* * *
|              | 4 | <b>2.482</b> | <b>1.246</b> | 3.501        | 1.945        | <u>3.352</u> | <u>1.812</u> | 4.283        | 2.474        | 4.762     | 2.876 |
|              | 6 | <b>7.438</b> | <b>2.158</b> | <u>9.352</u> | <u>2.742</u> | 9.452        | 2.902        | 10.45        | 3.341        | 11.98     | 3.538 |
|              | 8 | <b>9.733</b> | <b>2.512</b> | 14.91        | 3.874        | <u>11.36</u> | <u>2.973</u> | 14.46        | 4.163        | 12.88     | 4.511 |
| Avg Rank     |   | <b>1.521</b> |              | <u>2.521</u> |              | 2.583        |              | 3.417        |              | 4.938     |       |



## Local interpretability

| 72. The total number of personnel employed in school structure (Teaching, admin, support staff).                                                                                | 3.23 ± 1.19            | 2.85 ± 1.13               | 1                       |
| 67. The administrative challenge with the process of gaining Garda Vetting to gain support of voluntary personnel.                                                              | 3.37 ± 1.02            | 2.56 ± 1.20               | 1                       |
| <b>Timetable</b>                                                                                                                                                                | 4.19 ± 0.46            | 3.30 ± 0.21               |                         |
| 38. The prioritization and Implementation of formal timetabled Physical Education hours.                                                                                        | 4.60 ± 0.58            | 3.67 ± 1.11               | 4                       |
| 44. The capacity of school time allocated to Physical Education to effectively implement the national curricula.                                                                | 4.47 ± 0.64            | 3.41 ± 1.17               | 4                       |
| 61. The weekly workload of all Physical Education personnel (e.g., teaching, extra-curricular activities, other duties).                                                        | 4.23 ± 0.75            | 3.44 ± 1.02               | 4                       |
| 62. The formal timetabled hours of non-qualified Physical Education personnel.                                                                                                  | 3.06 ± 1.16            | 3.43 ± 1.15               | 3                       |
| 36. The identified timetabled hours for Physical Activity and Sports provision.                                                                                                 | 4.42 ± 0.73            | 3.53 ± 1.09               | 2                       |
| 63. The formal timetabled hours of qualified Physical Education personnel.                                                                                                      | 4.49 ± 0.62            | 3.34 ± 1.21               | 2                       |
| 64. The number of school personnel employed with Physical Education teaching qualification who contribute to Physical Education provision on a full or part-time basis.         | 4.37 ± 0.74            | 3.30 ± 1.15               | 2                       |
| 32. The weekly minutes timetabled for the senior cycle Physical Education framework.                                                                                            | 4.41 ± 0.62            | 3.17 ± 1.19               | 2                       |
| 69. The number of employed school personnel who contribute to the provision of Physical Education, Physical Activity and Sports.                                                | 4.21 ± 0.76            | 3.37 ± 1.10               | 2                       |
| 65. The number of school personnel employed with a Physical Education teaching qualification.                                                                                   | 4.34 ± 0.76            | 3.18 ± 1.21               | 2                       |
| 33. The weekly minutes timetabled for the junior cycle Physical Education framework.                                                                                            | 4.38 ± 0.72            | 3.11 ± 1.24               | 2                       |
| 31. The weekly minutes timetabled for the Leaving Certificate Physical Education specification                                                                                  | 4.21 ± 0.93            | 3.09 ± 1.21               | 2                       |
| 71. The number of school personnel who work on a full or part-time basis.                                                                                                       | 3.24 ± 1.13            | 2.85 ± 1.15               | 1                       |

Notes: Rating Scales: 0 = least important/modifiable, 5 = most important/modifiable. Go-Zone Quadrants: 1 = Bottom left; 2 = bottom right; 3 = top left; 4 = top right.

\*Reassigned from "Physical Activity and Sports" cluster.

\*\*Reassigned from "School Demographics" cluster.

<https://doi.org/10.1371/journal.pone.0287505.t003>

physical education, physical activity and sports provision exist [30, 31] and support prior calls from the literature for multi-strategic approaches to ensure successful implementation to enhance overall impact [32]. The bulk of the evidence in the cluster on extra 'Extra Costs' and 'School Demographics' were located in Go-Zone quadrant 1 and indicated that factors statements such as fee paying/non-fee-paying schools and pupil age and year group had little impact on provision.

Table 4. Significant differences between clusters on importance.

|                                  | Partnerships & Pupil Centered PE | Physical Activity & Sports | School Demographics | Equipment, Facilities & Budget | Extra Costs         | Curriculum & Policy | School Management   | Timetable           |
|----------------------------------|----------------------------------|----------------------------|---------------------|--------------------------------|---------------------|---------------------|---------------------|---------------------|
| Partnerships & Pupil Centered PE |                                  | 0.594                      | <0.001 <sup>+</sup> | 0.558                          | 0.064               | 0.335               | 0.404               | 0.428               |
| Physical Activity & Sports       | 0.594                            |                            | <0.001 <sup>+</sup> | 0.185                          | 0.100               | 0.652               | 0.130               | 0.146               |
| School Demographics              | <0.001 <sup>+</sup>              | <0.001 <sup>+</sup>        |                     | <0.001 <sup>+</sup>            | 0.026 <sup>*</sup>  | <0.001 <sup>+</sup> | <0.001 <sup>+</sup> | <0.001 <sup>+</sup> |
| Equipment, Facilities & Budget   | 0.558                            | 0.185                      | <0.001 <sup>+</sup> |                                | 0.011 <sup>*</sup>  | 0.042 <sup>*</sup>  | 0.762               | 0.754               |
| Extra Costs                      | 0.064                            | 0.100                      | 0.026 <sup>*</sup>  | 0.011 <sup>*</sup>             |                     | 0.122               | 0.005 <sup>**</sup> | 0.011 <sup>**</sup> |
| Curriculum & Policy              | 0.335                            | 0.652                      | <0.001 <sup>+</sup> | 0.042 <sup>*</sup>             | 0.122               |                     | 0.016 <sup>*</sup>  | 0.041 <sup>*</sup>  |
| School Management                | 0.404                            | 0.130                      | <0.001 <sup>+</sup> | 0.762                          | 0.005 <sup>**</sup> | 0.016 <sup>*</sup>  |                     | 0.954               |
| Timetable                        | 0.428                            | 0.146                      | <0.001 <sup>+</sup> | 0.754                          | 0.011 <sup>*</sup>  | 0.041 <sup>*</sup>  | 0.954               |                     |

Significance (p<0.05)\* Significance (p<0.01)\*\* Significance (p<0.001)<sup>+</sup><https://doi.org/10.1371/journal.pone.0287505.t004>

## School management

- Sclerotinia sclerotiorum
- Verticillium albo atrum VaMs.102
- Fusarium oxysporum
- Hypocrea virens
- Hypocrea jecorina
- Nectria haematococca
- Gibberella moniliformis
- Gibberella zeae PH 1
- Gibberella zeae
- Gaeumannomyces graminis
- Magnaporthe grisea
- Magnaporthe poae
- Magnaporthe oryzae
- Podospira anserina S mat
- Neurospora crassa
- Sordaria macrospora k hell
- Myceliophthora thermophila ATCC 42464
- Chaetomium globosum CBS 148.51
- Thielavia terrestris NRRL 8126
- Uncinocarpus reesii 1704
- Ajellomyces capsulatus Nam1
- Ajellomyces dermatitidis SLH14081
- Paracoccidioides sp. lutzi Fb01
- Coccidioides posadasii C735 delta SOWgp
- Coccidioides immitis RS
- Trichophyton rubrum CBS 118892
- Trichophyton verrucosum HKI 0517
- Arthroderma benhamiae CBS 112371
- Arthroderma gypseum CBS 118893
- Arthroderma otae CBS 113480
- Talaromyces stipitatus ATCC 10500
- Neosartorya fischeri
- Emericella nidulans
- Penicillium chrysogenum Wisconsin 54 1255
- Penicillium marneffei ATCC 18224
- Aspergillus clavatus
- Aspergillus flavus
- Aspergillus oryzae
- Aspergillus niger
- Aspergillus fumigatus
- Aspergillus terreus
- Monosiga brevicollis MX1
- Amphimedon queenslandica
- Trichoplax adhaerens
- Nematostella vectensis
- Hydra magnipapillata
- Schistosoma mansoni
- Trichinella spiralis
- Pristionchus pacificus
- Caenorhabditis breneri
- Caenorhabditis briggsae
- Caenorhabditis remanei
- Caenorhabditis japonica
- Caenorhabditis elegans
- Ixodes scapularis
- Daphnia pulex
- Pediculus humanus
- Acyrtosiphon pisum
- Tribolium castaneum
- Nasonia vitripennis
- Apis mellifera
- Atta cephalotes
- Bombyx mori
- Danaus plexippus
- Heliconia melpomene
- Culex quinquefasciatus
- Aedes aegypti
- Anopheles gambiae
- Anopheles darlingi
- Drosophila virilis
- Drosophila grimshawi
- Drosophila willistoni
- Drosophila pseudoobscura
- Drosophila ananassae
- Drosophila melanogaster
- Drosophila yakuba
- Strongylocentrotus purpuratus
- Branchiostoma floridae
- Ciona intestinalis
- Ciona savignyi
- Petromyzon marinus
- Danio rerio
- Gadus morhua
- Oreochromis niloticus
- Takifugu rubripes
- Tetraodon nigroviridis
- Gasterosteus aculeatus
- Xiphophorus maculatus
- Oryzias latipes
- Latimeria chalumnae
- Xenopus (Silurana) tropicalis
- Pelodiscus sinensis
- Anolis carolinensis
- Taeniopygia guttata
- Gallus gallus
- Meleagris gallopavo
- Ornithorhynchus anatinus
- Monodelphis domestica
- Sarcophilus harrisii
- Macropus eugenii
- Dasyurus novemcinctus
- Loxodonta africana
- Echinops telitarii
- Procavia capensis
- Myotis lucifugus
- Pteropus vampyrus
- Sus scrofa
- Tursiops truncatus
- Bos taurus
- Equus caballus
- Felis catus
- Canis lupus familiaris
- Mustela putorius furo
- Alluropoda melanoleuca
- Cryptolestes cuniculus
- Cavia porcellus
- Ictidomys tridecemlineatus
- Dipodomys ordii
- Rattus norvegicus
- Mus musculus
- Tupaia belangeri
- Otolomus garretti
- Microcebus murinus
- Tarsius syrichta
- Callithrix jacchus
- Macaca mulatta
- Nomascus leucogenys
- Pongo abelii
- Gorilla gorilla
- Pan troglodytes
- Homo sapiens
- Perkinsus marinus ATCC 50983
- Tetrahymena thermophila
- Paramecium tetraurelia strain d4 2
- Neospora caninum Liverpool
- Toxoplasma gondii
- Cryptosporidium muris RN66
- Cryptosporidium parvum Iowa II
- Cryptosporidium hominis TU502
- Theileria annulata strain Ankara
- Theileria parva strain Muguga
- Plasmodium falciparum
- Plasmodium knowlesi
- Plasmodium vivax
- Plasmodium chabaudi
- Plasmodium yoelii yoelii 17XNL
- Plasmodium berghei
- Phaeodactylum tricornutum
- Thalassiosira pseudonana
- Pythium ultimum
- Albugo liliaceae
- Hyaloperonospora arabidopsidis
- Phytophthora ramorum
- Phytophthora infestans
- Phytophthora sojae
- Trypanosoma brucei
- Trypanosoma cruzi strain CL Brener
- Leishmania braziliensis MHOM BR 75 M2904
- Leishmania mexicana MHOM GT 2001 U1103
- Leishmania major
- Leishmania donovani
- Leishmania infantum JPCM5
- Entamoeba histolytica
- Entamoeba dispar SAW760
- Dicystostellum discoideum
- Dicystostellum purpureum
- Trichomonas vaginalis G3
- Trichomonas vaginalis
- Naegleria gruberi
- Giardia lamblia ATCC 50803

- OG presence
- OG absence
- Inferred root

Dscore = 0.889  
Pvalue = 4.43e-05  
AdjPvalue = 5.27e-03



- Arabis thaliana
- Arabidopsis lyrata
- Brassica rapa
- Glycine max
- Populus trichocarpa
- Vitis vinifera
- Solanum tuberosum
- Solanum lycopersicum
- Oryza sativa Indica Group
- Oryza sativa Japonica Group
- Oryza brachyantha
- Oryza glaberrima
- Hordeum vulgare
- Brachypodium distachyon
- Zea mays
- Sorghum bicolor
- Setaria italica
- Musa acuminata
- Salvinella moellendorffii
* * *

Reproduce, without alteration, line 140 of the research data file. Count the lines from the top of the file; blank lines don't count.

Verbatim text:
- Dasyurus novemcinctus